Poor golfers’ thinking

Imagine our Golfer has a slice and has headed to the golf range to straighten out his driving.


Below is an example of how they may think and perform. Each point links to one of the bullet points outlined in the model above.
Performance phase – hitting a golf shot
  • Vague target.
  • Unclear swing thought.
  • Hasn’t set up stable learning conditions: no alignment aid.
  • No practice swing (rehearsal) or visualization.
  • Little awareness during golf swing of body motions.
  • Limited evaluation of where the shot finished relative to their target.
Self-reflection phase – post shot thinking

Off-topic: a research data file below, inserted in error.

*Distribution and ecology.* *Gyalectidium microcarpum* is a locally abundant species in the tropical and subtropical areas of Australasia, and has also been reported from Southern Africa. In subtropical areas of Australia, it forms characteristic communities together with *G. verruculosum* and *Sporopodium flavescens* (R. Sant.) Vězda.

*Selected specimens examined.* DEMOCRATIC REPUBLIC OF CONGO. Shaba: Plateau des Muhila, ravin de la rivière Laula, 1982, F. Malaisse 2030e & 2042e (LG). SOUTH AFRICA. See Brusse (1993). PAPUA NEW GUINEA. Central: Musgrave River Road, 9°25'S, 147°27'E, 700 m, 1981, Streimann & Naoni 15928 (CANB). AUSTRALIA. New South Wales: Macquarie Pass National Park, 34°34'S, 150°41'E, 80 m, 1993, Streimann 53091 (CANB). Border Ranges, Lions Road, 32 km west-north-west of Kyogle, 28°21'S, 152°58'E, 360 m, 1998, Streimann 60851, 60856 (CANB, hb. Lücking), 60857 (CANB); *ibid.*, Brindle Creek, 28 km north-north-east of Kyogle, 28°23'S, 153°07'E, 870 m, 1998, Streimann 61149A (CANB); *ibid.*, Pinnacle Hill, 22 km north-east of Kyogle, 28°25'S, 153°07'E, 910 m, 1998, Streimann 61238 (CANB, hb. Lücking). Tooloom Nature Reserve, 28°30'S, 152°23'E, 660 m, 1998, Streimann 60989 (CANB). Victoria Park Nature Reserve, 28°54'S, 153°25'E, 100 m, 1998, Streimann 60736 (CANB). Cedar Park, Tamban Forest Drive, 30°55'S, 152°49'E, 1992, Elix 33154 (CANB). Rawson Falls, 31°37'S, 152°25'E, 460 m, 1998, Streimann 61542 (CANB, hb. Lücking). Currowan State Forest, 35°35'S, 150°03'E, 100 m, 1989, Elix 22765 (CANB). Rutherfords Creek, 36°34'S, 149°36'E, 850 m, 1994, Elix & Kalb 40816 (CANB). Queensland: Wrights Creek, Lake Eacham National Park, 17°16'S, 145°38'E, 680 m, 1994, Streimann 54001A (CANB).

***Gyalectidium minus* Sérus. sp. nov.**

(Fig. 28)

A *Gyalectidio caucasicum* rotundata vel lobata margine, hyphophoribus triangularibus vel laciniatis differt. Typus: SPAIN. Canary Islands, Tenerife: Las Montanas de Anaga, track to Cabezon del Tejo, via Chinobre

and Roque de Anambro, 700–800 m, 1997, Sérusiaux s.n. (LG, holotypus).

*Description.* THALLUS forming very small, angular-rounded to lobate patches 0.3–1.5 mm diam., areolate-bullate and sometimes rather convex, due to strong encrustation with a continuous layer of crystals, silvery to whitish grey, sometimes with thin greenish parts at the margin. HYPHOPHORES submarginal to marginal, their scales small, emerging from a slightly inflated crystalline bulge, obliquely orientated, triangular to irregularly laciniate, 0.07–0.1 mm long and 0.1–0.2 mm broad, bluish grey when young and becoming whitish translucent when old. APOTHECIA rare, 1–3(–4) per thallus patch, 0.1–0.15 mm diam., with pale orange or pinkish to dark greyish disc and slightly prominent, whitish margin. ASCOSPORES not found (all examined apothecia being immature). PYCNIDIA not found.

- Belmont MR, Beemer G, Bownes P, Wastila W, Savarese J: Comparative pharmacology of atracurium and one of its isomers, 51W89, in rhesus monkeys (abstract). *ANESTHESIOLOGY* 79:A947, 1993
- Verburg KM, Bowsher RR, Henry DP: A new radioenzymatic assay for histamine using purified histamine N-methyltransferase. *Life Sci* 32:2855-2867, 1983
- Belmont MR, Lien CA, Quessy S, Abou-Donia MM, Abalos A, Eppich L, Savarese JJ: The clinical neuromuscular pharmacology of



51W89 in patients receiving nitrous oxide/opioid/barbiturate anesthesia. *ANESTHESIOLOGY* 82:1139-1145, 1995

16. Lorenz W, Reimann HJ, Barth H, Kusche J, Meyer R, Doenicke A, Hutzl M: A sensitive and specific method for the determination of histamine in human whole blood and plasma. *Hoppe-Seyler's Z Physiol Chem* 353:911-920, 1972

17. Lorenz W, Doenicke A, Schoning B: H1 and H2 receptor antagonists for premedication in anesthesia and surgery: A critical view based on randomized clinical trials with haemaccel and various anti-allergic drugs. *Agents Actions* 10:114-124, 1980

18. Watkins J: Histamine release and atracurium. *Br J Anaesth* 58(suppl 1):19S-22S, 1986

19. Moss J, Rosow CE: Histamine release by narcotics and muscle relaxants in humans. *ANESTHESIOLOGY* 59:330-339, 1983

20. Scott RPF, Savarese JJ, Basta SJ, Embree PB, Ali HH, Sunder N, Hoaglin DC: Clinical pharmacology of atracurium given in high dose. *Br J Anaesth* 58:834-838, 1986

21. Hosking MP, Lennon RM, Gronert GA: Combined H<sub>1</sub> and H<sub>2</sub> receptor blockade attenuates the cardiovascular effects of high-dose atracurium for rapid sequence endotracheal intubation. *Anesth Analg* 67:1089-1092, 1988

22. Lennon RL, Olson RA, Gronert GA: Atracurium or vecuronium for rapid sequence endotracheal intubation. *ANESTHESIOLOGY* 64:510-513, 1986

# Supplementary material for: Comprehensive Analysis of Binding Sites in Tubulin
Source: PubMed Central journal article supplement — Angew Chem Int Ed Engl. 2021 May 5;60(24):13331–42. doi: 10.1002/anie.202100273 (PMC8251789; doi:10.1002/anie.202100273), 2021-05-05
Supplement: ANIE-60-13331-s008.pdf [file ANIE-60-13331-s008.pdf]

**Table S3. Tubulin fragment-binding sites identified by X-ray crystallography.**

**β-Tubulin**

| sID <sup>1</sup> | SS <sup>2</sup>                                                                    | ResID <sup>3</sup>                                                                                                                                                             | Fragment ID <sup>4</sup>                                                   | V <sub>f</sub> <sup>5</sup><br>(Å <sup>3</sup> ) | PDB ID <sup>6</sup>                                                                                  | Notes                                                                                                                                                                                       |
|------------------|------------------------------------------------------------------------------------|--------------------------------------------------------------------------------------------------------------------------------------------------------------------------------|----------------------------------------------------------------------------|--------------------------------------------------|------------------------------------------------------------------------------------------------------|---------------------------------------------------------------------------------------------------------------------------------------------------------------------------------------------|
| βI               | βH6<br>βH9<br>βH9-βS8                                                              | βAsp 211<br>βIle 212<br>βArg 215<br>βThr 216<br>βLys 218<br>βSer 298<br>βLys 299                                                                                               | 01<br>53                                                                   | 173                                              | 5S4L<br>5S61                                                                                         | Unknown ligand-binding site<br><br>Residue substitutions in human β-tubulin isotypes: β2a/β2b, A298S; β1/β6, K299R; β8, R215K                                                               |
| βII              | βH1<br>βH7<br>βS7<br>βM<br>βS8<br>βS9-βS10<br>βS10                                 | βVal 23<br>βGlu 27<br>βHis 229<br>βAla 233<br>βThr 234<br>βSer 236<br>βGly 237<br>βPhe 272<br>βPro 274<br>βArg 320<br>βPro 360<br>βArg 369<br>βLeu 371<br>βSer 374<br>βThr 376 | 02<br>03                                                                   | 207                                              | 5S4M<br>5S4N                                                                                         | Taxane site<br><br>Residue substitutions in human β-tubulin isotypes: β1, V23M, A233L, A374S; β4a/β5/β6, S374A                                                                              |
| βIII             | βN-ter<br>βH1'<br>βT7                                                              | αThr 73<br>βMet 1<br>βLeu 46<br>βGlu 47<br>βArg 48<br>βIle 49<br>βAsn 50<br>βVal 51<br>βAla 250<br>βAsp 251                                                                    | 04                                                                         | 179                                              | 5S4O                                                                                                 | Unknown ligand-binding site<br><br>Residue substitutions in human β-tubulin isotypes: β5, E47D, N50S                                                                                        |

• Little thought about to what degree their shot outcome was ideal.
  • Limited / no understanding of what in their swing caused a good / poor shot.
  • Emotional reaction to poor shots, that leads to them skipping the forethought phase and grabbing another ball.
Forethought phase – planning for next shot
  • No clear goal set for their next shot.
  • No clear strategy for how to improve on their last attempt.
  • Limited reasoning for what they are about to attempt in their golf swing – a hap-hazard approach.
  • Vague understanding of what swing feeling they are going to attempt to hit a straighter shot.
… and the cycle continues.
Now the example above is quite extreme, but just imagine if half of this sequence sounds familiar to you.
That is a lot of extra golfing development you’re leaving on the table at every practice session. If you are an elite player you need to have this cycle optimized, down to every last detail.